Last week the FCA released some shocking figures. And no, before you ask, it’s not going to be increasing the adviser levy. Not yet anyway.
Worse, actually; the average annual number of sick days taken by staff at the FCA was 6.5 days last year.
The national average, according to the Office for National Statistics last year, was 4.3 days. So this means the regulator’s staff took two more sick days than the average British worker.
It’s a good idea to put this into perspective, as 137m working days were lost in the UK from illness and injury in 2016 and this was the lowest rate since 1993 when it was 7.2 days.
The revelation was in the regulator’s 140-page annual report when it also revealed that it now employs 3,422 people, up over 130 from the start to the end of the year.
News like this is met with the inevitable reaction of ‘skivers’ or ‘slackers’. But there is plenty of research that for every one person who is ‘faking it’ there are at least 10 people who rock up for work when they are in no fit state to do so.
This so-called ‘presenteeism’ has been dubbed by experts as an epidemic in itself. Many believe employer scare tactics - the ‘you are lucky enough to have a job’ mentality that has emerged from the recession - have left people scared not to turn up to work for fear of losing their job.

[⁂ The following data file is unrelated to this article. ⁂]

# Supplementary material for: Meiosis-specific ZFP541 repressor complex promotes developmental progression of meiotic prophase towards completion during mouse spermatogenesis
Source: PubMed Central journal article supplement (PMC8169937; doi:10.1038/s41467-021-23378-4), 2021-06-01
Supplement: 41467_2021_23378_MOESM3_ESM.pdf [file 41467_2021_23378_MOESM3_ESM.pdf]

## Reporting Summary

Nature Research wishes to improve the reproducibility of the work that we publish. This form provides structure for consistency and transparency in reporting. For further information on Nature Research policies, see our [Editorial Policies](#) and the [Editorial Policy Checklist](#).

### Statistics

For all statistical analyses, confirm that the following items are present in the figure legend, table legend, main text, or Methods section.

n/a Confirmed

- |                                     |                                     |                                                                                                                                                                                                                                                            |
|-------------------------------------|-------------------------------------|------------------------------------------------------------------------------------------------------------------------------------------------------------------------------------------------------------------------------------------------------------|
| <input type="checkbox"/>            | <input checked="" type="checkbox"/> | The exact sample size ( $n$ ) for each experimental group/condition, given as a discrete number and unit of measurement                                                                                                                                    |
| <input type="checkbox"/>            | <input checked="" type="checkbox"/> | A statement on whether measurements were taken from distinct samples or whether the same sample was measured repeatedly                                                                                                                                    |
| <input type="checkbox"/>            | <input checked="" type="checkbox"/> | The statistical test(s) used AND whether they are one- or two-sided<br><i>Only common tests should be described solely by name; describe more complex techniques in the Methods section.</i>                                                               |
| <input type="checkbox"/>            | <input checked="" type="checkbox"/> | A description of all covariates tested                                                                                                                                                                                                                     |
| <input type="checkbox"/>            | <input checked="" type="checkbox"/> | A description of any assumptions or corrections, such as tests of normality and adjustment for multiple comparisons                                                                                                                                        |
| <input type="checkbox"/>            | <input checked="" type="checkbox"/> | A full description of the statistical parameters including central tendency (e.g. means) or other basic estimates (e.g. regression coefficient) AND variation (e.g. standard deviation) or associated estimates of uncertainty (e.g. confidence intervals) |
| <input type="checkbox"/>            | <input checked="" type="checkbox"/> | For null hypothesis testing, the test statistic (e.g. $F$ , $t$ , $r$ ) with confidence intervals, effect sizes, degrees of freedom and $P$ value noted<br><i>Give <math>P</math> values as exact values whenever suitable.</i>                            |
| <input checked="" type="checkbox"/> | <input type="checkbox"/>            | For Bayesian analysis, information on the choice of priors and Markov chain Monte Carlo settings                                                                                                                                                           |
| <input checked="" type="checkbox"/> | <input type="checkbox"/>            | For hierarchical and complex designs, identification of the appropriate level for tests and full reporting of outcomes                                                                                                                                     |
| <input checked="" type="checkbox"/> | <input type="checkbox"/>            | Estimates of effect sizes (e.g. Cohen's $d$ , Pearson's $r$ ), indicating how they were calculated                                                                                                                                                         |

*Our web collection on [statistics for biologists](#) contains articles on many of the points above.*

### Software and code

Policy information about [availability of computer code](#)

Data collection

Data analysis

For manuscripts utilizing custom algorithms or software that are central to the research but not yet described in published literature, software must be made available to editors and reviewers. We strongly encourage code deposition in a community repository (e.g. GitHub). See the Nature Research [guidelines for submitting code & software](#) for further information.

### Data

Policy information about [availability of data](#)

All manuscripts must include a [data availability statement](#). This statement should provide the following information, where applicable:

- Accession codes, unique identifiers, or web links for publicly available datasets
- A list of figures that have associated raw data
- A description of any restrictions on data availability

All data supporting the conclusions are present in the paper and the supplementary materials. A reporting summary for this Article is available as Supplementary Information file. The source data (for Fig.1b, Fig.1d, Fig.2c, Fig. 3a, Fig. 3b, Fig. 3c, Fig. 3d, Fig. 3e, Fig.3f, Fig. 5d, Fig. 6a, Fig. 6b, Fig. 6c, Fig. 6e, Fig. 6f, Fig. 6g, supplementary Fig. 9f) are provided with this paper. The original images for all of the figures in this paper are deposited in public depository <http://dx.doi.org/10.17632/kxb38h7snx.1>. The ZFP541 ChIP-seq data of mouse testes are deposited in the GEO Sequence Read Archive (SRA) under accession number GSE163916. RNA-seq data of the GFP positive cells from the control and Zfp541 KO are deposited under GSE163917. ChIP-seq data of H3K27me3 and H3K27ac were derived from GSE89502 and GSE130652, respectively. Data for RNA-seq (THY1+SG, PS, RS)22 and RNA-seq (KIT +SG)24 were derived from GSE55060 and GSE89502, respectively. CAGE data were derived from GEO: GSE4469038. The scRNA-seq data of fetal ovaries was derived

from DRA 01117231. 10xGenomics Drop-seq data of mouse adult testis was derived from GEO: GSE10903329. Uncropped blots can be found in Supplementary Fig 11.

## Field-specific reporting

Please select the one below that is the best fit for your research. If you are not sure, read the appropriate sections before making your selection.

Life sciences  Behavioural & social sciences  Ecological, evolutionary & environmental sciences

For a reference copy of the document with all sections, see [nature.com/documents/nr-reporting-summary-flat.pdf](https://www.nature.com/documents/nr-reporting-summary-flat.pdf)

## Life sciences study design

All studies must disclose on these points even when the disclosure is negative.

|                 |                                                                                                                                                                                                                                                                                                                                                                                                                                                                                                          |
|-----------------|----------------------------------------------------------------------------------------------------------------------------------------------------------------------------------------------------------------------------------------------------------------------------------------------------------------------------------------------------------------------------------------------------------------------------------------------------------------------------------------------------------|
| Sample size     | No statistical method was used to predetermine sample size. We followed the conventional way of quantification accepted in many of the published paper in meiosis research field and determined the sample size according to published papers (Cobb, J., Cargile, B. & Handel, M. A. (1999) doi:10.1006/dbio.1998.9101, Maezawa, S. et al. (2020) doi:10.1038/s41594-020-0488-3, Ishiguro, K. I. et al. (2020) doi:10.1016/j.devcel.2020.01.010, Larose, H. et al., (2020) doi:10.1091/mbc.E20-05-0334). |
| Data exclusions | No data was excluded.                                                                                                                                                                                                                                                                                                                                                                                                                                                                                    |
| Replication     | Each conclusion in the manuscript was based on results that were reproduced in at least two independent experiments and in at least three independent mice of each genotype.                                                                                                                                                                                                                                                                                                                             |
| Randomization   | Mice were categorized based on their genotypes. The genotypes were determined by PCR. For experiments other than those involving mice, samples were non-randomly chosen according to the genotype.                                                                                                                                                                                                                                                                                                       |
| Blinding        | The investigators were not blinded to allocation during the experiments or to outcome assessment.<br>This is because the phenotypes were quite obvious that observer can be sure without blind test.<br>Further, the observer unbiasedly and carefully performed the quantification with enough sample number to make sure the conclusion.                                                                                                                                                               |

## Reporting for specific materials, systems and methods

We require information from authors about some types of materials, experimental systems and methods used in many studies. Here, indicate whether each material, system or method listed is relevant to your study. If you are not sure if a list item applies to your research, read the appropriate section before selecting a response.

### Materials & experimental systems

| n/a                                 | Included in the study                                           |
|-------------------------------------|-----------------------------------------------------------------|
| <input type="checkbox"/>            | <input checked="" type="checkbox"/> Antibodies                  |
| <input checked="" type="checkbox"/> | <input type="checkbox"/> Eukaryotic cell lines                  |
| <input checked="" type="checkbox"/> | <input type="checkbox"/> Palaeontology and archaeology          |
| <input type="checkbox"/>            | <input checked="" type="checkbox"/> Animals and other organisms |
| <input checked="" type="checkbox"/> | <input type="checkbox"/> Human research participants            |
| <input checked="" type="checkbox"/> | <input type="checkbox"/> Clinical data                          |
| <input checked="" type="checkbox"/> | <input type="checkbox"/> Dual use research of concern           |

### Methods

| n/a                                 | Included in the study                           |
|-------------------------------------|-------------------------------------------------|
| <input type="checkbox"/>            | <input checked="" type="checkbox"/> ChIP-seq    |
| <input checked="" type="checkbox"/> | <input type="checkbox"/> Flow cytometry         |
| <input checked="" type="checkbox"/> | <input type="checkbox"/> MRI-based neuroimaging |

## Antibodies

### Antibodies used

The irony is that they are ultimately risking losing their job and their employer money, by risking their long-term health by not resting when they are sick.
It could be these higher than average figures are down to responsible employment encouraging people to stay off work when they are sick. Most of the workers at the FCA will not be on six figure salaries, and many will have taken on their roles as civil servants with the ultimate aim of doing their bit to protect the consumer.
We are, at the end of the day, all dispensable to our employers, but not to our families.